The Microsoft team is racing to catch the Bug
Patch Tuesday updates from Microsoft usually include solutions for serious flaws, including those that attackers around the globe are now using.
The business already has the necessary teams to find vulnerabilities in its code (the “red team”) and create defenses against them (the “blue team”). However, that structure has recently changed once again to encourage more interdisciplinary and collaborative work to identify even more errors and weaknesses before things spiral out of control. Microsoft Offensive Research & Security Engineering, also known as Morse, is the department that combines the red team, blue team, and alleged green team. The green team is responsible for identifying flaws or taking weaknesses that the red team has identified and addressing them more systemically by making adjustments to how things are carried out within an organization.
An open-source Azure testing framework called OneFuzz enables Microsoft engineers to continuously and automatically bombard their code with various odd usage cases to find bugs that could go undetected if the program were only used as intended.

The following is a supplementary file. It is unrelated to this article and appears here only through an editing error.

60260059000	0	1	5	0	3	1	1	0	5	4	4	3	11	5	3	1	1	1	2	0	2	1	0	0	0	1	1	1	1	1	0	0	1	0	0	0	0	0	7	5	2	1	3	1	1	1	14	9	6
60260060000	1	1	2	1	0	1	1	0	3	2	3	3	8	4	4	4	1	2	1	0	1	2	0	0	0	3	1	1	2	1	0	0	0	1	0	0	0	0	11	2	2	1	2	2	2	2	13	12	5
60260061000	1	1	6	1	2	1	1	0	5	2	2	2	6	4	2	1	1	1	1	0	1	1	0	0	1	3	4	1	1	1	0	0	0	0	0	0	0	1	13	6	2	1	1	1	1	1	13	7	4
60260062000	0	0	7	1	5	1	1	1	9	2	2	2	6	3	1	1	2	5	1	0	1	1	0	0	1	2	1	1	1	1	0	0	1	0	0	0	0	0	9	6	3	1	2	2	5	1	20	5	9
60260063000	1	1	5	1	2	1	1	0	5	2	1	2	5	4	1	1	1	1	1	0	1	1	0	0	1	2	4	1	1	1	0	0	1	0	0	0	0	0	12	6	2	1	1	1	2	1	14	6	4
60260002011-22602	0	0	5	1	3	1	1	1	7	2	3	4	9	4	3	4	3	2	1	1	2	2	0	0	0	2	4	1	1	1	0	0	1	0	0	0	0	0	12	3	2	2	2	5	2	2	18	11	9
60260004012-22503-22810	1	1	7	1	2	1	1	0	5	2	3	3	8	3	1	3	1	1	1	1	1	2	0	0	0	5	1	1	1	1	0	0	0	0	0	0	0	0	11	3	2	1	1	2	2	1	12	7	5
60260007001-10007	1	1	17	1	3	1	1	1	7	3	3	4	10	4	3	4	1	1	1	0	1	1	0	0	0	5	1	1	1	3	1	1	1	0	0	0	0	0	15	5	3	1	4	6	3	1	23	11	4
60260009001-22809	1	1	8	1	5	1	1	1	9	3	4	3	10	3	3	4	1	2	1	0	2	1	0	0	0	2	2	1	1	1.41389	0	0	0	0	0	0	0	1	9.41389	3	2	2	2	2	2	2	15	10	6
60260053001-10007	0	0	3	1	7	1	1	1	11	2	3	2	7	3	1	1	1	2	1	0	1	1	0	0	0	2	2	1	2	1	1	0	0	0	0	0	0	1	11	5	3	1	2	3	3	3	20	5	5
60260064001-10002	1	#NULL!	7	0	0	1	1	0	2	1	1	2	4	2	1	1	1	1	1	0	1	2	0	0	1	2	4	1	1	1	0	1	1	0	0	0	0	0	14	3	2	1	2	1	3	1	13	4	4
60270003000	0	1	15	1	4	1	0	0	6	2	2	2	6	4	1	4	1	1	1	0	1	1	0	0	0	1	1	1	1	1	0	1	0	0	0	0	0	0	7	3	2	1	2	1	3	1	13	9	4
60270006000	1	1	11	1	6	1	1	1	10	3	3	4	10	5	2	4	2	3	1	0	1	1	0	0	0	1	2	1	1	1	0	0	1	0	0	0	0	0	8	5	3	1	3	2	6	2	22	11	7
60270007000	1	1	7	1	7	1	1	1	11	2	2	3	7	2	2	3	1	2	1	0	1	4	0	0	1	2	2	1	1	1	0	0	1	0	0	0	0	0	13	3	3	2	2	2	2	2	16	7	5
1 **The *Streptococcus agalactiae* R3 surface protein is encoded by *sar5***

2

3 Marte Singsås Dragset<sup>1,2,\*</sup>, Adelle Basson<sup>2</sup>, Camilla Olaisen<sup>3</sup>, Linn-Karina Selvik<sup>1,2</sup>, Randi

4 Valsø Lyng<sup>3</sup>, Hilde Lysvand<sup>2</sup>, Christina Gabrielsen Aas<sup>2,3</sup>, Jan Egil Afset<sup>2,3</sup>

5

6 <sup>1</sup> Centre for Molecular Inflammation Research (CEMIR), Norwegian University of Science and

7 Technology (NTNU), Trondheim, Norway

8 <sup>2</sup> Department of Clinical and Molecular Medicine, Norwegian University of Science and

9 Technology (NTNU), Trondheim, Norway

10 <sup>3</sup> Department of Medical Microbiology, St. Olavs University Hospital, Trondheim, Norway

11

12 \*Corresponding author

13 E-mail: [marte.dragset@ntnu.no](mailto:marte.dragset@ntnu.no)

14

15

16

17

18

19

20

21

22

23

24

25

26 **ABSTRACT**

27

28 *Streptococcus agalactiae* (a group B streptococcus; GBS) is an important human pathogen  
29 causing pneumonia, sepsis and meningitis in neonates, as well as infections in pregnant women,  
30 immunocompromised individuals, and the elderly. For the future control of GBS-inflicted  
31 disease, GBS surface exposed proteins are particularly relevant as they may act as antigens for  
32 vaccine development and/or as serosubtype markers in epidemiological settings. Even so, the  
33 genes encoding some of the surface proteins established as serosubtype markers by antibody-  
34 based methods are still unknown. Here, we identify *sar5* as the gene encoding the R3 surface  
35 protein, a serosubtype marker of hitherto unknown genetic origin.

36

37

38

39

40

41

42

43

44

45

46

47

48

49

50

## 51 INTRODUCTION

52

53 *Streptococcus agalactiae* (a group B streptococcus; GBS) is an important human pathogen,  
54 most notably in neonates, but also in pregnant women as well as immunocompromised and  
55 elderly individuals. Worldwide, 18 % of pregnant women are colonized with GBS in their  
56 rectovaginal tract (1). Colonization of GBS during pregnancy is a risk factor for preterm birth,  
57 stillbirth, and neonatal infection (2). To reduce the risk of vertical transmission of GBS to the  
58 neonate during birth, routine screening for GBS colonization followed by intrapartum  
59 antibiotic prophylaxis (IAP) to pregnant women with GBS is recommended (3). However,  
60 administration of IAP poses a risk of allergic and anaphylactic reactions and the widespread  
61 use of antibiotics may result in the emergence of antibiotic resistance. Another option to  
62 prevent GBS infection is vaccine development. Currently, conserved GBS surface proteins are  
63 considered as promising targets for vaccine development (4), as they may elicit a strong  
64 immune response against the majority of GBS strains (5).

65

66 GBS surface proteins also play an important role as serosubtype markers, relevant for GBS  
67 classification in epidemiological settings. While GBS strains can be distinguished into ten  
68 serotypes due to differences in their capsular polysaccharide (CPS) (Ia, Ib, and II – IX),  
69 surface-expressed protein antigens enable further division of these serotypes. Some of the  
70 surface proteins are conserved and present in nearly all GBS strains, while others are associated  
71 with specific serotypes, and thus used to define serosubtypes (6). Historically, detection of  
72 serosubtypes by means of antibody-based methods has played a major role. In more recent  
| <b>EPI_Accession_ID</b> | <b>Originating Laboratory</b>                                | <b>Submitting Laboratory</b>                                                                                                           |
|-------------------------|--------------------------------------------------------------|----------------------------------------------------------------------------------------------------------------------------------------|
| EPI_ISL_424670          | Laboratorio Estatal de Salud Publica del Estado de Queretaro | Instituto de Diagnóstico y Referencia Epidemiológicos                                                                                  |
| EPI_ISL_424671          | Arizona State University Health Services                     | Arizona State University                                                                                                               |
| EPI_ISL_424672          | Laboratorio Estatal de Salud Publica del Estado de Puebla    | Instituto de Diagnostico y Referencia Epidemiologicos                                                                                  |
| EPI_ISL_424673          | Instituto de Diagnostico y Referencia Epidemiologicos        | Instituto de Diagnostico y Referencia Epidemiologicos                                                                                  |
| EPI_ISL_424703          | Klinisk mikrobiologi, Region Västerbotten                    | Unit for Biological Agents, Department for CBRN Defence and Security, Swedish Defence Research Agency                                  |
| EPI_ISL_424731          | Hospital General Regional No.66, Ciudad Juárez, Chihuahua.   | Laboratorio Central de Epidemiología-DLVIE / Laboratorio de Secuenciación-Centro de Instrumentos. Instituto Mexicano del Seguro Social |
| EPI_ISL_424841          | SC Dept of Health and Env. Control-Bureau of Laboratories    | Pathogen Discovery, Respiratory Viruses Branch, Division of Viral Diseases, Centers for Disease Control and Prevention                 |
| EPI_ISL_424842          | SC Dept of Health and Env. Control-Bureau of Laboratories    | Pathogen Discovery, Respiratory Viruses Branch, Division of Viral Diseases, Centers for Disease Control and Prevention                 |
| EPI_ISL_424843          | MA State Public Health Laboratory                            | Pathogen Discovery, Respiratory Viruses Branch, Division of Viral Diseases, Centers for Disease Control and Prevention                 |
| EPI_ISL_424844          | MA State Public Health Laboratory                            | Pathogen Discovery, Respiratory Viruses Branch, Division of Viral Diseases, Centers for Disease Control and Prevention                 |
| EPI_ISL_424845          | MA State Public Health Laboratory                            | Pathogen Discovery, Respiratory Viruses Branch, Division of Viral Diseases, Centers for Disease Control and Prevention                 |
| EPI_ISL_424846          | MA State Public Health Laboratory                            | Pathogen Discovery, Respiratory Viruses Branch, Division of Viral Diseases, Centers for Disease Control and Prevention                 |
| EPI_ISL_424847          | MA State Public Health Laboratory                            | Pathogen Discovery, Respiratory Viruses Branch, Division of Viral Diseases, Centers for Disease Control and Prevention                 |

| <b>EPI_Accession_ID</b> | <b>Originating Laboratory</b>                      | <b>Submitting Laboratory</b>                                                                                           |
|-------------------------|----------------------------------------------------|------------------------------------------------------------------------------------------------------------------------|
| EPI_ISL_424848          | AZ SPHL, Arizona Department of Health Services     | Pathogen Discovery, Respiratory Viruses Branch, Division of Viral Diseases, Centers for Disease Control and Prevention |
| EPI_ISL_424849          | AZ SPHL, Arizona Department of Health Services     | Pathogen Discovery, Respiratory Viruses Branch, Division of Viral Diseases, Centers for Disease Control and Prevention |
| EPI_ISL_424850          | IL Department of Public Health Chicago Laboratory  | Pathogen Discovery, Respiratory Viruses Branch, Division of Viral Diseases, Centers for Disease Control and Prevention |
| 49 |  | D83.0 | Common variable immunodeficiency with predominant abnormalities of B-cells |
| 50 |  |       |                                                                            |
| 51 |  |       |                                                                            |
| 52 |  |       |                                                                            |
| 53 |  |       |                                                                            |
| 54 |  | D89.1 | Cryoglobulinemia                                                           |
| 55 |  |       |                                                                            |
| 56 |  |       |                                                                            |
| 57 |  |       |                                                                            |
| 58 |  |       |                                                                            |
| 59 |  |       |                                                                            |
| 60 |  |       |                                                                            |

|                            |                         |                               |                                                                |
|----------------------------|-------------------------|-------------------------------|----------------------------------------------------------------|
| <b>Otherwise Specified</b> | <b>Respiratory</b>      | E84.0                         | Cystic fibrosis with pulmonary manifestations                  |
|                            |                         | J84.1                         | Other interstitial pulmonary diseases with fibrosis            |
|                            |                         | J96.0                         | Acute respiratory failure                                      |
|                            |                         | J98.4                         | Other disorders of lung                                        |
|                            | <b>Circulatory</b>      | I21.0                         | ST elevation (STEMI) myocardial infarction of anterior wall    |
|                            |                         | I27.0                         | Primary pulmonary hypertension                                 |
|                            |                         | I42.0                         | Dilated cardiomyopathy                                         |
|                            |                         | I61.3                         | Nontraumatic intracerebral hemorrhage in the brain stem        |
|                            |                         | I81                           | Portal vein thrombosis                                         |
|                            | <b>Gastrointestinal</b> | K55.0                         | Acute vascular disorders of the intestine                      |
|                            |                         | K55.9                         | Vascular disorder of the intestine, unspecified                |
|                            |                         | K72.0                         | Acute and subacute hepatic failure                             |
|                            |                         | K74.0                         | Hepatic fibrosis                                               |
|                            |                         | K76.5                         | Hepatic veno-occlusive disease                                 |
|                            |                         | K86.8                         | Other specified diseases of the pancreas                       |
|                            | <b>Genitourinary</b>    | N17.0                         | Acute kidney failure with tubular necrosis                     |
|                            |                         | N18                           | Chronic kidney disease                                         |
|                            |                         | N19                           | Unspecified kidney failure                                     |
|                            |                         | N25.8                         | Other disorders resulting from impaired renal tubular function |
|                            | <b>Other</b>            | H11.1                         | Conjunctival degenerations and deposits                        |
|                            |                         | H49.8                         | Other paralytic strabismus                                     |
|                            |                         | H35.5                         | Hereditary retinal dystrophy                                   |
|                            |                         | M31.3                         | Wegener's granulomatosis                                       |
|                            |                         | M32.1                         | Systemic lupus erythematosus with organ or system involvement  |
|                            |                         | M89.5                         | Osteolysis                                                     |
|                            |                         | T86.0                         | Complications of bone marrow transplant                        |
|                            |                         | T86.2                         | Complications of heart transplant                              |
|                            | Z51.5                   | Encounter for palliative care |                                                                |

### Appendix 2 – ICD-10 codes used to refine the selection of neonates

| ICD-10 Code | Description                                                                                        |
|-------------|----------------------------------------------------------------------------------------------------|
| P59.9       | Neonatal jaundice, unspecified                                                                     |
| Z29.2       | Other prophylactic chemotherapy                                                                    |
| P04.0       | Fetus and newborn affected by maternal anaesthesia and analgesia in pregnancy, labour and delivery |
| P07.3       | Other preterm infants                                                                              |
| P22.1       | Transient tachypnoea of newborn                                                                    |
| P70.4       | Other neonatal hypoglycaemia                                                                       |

Additionally, the combined team has led the charge in urging the usage of safer programming languages (like Rust) throughout the organization. Additionally, they have argued for the inclusion of security analysis tools right inside the actual software compiler used in the business’ production process.
Proactive security has resulted in significant advancement. Because so much of the Windows codebase was created before these enhanced security checks, a recent example of Morse members’ work was reviewing historical software. Morse uncovered an exploitable weakness that would have given attackers access to targets’ devices when looking at how Microsoft developed Transport Layer Security 1.3, the fundamental cryptographic standard used across networks like the internet for secure communication.
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